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LostInParadise's avatar

Is there a limit to the sequence "I know that you know that I know..."?

Asked by LostInParadise (23605points) January 24th, 2014

Consider this hypothetical example. A and B are spies on opposing sides. B gets hold of some secret information about A’s side. B will be trying to deliver this information to his side.

1. B knows

A finds out that B has the information. A need not know the details of the information. A knows enough to try to stop B.

2. A knows that B knows.

B finds out that A is going after him, and will keep track of A’s whereabouts and try to stay away.

3. B knows that A knows that B knows.

It seems that each extra level of knowledge has diminishing impact. At this point, I am not sure if it makes much difference if A knows that B knows that A knows that B knows. Do you think this is the general case?

Consider the case where A tells something to B. Can we assume all levels of A knows that B knows that…?

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11 Answers

rojo's avatar

Who knows?

Now, I know this can be interpreted two ways and I know that you know that and I know that you know that I knew that you knew this when I typed it but did you know that you knew that I knew that you knew that I knew that?

just wondering

Pachy's avatar

Yes. It’s called a period.

Strauss's avatar

Reminds me of the old song:

_I was lookin’ back to see if she was lookin’ back to see
If I was lookin’ back to see if she was lookin’ back at me._

dxs's avatar

Perhaps it is because the extra knows are just details on the main issue, which is the first know. That’s why there’s a diminishing aspect. Knowing something about the main idea is less important than knowing the main idea, and knowing something about something about the main idea is even less important since without the main idea, that trivial excess knowledge is useless.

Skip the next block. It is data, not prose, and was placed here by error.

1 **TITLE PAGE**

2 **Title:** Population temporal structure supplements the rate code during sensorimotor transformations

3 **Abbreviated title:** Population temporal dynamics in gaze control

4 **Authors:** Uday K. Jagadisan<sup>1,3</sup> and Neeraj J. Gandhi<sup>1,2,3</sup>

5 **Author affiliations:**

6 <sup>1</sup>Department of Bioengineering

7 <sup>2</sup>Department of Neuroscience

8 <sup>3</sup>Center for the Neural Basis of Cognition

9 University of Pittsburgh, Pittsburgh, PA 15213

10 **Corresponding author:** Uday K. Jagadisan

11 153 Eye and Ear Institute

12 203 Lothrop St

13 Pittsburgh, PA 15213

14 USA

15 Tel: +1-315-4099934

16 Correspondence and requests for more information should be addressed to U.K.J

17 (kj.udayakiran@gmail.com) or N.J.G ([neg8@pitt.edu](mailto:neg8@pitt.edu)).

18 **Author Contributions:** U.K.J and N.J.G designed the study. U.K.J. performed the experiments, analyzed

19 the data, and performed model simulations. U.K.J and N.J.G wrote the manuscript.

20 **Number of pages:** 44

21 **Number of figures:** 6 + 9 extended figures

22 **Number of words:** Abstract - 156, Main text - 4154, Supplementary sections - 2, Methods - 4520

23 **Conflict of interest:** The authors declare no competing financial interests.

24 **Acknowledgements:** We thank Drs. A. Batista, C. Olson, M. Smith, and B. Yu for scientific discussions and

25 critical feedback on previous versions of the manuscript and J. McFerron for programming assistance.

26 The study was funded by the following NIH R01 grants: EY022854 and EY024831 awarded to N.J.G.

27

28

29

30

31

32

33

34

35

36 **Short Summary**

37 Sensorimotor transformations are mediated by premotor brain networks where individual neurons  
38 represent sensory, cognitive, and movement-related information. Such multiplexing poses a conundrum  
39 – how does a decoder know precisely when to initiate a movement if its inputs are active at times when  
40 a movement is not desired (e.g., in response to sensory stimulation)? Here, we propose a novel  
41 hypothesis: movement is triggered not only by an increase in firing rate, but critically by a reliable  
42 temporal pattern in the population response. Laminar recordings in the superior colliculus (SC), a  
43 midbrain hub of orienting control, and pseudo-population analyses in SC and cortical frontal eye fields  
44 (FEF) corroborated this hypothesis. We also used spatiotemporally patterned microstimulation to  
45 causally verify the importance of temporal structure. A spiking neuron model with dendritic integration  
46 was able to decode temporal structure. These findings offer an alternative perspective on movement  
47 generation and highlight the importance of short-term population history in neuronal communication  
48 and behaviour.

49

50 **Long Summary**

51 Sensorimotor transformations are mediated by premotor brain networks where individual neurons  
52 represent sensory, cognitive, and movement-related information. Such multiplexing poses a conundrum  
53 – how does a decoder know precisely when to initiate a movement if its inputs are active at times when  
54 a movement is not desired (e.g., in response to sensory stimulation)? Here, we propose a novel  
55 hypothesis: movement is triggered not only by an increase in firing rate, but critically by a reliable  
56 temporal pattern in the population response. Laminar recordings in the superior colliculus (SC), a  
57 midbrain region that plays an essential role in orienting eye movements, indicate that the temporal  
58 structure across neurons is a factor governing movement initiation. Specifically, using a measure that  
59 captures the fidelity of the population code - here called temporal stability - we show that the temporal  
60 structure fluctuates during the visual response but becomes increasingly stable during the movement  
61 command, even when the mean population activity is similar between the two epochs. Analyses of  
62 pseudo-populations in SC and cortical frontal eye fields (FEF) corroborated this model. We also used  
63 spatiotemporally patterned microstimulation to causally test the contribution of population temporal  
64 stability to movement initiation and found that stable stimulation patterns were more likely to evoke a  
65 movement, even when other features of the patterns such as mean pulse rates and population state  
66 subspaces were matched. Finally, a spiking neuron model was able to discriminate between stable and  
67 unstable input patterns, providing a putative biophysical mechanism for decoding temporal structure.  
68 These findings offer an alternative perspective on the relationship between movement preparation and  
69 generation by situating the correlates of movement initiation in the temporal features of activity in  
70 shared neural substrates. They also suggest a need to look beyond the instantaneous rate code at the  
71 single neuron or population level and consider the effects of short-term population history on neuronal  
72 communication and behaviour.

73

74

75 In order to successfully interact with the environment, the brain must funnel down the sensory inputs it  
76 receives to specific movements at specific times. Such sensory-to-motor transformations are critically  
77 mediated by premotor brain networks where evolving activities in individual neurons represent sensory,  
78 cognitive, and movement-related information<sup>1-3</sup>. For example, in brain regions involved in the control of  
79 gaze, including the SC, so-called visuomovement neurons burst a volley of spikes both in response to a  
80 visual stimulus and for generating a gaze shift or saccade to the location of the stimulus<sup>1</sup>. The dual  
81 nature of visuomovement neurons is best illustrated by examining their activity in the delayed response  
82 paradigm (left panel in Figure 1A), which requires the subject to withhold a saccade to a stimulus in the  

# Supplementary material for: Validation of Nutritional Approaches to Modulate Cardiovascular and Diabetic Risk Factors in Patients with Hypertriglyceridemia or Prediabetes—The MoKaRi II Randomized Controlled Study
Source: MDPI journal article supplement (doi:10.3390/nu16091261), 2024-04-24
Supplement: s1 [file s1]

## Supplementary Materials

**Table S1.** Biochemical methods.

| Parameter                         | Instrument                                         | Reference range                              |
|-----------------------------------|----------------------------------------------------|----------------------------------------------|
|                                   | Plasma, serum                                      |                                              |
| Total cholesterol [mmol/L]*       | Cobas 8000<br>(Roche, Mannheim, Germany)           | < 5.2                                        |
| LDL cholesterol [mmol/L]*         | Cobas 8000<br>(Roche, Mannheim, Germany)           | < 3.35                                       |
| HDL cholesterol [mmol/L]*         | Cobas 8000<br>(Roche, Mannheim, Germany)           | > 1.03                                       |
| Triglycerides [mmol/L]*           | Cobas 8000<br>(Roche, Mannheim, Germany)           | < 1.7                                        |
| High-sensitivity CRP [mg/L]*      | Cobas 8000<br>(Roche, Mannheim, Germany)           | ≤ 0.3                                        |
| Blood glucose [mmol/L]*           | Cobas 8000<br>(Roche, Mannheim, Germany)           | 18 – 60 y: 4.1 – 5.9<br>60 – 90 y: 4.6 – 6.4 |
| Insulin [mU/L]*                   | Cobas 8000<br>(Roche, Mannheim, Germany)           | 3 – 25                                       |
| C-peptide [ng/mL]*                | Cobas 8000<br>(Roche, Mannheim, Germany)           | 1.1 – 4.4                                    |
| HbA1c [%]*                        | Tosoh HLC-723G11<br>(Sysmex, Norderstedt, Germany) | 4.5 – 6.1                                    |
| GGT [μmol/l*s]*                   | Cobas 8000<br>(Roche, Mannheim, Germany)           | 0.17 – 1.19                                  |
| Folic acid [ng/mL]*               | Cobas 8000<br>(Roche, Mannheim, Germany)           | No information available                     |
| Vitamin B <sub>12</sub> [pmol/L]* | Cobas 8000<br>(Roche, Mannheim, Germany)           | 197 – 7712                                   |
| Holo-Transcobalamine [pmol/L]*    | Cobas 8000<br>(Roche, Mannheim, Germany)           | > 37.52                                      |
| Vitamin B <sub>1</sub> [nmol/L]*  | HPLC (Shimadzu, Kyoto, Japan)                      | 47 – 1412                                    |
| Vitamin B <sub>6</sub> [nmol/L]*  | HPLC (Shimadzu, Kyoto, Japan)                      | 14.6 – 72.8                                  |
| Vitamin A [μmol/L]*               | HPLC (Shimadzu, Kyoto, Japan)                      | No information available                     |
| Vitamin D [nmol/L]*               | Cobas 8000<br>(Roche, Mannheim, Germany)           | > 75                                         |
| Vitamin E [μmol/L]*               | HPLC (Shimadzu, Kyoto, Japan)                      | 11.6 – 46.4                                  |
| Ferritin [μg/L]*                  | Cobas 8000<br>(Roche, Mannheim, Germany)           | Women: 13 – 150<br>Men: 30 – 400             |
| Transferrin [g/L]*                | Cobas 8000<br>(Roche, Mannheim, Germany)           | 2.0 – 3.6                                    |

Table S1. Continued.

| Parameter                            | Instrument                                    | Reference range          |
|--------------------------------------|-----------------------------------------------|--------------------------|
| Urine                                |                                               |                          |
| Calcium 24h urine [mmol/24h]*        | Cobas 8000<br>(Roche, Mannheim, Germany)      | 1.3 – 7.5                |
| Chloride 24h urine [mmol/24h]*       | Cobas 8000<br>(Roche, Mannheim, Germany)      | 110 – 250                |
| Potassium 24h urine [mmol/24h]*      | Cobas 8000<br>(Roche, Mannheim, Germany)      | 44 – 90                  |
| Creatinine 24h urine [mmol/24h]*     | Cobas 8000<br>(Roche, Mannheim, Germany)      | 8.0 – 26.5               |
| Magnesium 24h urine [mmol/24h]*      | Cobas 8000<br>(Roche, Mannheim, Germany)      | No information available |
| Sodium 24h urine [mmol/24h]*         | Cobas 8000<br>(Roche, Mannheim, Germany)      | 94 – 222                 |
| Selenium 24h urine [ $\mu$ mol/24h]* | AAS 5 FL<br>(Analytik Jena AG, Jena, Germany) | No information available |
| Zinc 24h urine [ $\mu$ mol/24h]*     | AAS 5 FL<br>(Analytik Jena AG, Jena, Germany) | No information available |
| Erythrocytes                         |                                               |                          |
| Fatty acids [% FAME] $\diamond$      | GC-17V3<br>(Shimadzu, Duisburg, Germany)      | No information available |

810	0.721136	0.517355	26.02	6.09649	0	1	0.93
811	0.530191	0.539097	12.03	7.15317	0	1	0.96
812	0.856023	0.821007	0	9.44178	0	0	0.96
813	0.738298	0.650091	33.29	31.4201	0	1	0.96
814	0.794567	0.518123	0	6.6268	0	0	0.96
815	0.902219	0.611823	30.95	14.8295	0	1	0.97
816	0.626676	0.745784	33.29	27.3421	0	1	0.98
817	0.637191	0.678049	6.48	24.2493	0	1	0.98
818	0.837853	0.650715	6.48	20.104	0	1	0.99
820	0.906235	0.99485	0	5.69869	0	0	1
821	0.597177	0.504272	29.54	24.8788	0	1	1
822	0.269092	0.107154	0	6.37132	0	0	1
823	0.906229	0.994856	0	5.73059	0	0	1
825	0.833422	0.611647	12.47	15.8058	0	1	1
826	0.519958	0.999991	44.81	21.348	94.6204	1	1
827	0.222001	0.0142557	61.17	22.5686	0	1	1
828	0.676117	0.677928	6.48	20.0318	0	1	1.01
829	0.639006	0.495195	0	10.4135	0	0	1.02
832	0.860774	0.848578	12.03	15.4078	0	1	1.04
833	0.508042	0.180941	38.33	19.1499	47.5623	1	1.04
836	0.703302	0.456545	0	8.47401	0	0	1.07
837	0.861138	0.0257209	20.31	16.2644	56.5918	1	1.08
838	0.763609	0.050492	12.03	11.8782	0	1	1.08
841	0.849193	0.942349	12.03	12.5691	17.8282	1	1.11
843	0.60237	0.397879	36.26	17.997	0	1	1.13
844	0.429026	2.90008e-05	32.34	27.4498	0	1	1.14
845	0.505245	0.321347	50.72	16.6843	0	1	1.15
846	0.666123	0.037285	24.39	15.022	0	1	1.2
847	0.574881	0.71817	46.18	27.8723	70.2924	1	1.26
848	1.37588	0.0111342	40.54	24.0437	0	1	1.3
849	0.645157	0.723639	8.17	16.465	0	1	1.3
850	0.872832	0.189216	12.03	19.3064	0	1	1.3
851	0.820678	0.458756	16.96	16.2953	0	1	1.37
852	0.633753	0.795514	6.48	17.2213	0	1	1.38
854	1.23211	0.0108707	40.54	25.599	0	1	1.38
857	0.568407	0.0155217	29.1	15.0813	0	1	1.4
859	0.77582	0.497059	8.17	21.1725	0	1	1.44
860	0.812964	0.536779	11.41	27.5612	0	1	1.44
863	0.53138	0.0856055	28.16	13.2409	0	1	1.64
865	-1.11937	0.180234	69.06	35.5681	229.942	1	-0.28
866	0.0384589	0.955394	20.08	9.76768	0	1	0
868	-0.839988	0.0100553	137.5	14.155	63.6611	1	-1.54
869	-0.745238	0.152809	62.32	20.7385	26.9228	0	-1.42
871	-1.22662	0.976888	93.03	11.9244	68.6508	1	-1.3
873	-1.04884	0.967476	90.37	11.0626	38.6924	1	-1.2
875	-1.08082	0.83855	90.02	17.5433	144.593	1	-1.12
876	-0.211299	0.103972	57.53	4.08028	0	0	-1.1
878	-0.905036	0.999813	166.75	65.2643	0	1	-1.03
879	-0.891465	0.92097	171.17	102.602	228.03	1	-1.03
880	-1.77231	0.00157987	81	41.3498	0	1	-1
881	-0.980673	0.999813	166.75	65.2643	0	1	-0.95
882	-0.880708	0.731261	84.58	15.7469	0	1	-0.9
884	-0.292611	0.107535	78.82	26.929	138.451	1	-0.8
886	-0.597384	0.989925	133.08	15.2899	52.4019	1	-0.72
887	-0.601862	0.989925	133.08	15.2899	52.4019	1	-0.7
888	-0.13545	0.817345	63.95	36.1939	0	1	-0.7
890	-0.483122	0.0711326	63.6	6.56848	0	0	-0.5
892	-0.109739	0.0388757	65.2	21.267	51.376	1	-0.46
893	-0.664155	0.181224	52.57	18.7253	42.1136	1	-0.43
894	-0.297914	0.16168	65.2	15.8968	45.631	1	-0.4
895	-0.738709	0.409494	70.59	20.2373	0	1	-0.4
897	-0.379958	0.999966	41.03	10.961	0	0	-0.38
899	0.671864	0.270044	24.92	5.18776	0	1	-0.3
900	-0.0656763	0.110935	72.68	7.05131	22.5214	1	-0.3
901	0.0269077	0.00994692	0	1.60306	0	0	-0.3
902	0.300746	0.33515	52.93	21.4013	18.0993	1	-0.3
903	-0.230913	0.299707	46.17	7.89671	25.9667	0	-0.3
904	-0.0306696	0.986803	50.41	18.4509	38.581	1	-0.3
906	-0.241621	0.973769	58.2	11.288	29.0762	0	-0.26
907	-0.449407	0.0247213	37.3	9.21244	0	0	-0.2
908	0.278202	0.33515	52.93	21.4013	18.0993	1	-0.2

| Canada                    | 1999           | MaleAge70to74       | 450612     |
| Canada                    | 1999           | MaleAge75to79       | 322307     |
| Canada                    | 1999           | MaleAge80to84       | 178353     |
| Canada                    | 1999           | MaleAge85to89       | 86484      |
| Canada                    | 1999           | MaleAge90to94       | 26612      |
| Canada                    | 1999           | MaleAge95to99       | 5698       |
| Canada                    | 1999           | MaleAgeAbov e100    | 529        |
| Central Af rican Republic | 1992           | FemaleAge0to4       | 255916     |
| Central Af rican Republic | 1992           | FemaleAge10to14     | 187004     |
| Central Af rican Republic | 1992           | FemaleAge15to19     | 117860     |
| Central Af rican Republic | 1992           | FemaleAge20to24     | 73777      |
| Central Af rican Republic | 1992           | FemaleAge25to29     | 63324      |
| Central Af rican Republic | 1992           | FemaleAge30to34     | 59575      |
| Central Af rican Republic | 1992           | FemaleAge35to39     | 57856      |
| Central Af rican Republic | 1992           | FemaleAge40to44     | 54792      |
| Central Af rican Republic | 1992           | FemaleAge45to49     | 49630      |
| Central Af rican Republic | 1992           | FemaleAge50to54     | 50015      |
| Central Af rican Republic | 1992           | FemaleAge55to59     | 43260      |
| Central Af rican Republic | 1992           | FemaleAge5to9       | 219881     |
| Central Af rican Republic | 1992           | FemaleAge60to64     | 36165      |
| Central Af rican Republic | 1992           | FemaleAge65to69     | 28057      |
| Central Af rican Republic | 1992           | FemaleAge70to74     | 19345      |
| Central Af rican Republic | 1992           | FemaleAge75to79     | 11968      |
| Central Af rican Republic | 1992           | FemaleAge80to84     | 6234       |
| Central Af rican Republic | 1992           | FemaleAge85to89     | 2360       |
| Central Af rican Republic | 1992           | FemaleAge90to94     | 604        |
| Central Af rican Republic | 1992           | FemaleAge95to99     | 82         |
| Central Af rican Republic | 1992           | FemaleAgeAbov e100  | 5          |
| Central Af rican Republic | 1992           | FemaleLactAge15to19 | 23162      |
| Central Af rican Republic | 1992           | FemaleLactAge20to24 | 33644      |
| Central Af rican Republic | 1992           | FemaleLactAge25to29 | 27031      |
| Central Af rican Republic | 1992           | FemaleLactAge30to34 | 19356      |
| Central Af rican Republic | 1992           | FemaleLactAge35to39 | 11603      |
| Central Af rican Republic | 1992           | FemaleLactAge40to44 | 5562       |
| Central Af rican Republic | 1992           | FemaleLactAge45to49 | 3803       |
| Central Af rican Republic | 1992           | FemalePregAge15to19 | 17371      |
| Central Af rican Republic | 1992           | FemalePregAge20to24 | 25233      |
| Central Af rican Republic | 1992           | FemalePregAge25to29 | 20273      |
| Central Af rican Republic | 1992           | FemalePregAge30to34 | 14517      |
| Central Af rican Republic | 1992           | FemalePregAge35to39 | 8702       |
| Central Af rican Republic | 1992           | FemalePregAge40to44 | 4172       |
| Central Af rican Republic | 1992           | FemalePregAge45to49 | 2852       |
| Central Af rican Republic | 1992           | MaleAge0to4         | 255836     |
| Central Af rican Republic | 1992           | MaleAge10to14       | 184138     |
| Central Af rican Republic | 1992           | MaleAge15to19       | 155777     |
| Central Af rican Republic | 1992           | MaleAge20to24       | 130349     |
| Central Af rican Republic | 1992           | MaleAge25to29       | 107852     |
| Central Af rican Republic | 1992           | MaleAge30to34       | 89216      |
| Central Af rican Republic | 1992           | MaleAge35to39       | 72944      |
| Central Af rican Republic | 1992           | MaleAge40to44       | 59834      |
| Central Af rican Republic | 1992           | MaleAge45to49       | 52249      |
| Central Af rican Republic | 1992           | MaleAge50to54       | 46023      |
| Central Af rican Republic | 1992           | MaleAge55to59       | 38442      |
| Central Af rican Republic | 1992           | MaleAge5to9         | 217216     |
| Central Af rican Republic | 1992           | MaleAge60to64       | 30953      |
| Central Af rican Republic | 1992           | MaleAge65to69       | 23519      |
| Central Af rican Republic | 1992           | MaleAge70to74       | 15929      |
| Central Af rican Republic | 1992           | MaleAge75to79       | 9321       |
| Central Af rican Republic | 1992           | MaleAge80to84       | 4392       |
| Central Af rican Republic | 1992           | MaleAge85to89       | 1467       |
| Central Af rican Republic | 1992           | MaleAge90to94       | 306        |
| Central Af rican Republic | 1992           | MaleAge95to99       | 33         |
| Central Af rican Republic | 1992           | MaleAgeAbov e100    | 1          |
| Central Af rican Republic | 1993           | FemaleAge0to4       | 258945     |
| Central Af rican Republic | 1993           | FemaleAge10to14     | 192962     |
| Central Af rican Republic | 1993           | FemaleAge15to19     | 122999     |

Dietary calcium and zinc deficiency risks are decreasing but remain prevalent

livelaughlove21's avatar

This is vaguely reminiscent of an episode of Friends.

“But they don’t’ know that we know they know we know!”

ragingloli's avatar

Of course there is.

kess's avatar

We know, is the conclusion to this entire matter of posturing.

filmfann's avatar

A relevant scene from Mystery Men

PhiNotPi's avatar

In practicality, there is no reason to go beyond a depth of 4. The reason is that, after a certain depth, it is impossible for one side to take preventative action.

Here is an example:

1) The German u-boat fleet is planning a fleet movement.

2) Let’s say that the British have cracked the enigma, and therefore know about it. They want to attack the fleet. They must cover up the fact that they have cracked the enigma, however, otherwise the Germans would increase encryption strength.

3) Let’s say that the Germans found out that the British had cracked the enigma. They then decide to increase encryption strength, which would severely hamper British intelligence gathering.

4) Let’s say that the British knew about #3 (that the increase in encryption strength was not coincidental). There is no major use for this information, because they can’t prevent it. Regardless of why the Germans decided to increase encryption strength, the end result is the same. They might be able to locate a German spy or two, but that is about it.

Theoretically speaking, there is no necessary end, but I suspect that most (almost all) applications run into a dead end where no preventative action is possible.

the100thmonkey's avatar

Linguistically, recursion is limitless. However, cognitively, the recursion only works up to a point because we don’t have sufficient working memory to handle it.

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